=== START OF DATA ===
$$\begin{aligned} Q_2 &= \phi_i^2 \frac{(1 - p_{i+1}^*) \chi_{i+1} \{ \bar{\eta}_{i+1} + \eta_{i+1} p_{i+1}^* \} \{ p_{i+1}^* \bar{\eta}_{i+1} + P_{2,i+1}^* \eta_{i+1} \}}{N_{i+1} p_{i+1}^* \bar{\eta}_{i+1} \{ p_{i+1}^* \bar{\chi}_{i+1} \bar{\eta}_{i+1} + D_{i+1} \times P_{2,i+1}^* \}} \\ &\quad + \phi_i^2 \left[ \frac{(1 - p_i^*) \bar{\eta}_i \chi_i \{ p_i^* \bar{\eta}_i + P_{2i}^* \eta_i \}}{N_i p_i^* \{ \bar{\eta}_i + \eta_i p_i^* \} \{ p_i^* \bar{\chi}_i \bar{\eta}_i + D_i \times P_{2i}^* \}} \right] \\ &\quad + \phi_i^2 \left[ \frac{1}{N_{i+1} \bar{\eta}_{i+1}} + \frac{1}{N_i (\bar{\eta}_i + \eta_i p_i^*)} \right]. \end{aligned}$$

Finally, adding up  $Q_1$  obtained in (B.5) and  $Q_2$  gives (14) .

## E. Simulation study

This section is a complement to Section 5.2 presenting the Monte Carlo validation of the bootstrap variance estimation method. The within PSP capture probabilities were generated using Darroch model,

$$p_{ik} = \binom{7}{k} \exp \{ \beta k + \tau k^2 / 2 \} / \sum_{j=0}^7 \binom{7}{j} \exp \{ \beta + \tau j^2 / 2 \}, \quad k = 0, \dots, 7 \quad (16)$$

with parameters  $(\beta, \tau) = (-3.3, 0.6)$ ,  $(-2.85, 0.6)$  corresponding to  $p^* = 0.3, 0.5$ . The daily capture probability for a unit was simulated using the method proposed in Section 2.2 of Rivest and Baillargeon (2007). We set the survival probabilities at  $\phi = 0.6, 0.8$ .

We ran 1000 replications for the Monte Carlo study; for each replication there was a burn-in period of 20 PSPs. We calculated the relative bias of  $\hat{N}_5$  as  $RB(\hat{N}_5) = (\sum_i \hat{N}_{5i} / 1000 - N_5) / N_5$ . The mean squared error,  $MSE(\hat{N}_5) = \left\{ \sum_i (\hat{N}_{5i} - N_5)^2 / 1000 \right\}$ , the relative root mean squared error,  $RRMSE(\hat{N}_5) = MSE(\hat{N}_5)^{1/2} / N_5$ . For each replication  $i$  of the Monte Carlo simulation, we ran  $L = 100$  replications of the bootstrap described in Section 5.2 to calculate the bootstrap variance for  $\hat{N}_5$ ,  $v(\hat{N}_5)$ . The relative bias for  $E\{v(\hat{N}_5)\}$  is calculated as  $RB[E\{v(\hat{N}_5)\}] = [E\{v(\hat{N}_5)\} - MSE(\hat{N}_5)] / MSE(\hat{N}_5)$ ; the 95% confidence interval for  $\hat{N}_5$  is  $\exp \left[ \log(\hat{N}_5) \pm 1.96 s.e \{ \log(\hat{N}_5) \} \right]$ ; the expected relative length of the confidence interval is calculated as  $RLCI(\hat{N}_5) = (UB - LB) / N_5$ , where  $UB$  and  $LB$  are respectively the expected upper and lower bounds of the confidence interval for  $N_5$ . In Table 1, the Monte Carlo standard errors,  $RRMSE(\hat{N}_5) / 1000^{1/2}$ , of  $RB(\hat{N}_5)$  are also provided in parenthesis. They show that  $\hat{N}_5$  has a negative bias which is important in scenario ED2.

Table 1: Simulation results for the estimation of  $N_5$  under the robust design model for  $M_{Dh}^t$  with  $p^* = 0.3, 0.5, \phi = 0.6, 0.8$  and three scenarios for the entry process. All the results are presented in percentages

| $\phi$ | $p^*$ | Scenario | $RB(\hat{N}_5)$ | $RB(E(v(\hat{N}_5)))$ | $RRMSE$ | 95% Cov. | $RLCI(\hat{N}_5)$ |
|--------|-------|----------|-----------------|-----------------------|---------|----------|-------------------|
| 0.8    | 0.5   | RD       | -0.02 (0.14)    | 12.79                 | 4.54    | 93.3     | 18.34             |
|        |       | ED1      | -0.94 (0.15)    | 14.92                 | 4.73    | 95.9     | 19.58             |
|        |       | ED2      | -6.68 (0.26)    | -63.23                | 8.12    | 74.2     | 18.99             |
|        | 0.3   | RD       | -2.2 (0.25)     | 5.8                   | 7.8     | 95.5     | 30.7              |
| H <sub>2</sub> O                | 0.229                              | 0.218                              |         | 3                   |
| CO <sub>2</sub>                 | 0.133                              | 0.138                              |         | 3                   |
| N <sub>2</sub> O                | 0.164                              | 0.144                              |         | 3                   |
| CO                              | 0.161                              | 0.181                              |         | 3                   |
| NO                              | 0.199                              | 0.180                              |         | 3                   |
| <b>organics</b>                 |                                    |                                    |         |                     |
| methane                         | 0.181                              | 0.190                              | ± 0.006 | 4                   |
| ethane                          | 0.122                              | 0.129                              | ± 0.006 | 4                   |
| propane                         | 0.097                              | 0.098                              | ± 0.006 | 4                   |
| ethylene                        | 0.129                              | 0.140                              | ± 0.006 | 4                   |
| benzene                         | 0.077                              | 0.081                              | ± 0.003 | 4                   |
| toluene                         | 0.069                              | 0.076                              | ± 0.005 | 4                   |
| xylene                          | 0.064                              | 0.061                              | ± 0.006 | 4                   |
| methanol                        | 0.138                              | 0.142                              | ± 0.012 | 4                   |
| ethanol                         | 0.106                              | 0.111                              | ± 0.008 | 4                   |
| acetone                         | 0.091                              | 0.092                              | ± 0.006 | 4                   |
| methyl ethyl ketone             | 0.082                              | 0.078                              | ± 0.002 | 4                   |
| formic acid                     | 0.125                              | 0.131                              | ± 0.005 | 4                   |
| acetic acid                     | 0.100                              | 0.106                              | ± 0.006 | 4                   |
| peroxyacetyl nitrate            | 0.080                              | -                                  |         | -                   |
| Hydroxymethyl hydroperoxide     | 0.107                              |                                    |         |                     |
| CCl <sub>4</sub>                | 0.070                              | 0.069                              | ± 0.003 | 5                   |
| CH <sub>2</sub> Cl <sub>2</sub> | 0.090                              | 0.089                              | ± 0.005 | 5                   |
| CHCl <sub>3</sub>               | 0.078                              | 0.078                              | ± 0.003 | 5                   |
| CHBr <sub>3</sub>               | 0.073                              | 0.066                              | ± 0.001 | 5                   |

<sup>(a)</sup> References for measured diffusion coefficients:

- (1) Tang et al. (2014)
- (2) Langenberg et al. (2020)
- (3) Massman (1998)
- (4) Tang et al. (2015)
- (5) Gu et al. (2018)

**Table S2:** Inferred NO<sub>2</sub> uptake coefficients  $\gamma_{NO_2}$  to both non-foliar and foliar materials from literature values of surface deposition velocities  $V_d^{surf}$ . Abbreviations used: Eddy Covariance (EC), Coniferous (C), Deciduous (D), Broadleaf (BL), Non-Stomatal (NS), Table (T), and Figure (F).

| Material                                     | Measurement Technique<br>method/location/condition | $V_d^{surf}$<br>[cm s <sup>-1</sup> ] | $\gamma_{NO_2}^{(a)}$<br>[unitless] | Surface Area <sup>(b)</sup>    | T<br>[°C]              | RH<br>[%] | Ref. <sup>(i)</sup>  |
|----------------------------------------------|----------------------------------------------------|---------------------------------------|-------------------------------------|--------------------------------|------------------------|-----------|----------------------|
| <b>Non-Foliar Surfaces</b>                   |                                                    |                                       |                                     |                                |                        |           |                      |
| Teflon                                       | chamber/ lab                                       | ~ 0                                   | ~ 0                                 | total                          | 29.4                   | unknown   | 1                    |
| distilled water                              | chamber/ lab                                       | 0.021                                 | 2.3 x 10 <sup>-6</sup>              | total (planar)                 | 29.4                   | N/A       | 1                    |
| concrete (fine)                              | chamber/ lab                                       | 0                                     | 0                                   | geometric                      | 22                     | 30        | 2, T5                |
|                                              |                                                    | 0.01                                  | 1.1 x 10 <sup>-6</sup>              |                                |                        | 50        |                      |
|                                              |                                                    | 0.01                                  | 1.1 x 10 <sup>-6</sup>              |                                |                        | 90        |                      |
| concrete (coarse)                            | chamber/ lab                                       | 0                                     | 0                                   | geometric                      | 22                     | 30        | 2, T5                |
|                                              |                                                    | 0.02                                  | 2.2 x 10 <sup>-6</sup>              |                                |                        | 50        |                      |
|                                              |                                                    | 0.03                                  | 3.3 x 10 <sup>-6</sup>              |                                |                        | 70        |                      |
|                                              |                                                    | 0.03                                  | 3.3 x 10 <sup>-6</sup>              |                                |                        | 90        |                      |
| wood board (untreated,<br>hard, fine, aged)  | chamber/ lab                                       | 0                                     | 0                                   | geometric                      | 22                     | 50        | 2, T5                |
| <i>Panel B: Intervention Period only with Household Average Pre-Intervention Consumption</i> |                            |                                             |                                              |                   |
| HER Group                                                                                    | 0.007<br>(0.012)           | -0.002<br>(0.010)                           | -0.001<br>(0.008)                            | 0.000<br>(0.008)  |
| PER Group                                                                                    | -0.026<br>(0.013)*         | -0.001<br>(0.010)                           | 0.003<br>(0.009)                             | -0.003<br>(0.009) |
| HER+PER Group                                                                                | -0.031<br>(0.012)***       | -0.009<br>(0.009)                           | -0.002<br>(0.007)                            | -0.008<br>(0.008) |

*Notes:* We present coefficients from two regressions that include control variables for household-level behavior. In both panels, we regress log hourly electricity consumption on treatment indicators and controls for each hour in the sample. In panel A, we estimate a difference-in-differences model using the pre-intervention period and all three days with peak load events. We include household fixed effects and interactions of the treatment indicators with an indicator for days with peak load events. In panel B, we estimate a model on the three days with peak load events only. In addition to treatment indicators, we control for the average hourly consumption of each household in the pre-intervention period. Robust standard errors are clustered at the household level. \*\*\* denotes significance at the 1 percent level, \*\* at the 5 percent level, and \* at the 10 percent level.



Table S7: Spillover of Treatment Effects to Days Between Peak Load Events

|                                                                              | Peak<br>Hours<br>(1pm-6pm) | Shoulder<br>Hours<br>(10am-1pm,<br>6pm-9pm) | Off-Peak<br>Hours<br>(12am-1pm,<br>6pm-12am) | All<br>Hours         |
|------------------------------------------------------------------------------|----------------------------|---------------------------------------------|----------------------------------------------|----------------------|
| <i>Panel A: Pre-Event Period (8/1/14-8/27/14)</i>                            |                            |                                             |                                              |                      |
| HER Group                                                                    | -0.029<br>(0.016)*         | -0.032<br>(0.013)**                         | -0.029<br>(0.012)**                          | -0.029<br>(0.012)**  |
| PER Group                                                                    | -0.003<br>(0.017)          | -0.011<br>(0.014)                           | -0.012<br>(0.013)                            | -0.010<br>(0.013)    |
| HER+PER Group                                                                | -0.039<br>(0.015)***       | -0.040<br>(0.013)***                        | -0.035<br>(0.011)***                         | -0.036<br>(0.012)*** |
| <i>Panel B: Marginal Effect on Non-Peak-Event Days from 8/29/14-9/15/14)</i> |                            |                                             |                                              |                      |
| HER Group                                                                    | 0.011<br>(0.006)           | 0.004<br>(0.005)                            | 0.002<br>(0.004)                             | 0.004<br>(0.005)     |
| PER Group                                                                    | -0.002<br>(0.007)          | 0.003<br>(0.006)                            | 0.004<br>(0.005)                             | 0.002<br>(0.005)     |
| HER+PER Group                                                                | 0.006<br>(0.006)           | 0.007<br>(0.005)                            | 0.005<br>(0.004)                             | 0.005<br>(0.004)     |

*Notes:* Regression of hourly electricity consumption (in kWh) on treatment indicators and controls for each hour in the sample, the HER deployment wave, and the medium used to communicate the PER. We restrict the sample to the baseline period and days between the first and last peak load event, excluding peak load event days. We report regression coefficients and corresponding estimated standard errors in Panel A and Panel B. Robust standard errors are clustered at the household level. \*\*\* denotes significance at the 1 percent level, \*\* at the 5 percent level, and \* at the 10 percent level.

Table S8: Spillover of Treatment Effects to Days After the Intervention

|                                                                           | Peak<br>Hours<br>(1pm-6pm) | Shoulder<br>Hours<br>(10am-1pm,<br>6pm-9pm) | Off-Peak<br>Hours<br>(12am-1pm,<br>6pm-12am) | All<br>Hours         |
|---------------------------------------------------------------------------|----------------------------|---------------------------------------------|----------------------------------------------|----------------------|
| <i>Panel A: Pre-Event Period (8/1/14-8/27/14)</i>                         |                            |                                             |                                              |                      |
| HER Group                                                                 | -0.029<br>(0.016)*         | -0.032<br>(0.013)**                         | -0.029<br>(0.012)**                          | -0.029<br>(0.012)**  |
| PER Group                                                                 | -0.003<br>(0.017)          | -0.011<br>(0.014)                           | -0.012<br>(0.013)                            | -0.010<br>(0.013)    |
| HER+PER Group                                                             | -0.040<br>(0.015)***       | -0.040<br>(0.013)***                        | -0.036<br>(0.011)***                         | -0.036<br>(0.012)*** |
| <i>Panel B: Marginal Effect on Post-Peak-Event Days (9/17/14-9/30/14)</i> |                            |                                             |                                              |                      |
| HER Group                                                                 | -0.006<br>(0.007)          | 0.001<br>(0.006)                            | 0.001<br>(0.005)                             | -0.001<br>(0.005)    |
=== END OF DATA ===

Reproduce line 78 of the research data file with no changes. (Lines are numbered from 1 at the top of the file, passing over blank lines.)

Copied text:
|                                                                           | Peak<br>Hours<br>(1pm-6pm) | Shoulder<br>Hours<br>(10am-1pm,<br>6pm-9pm) | Off-Peak<br>Hours<br>(12am-1pm,<br>6pm-12am) | All<br>Hours         |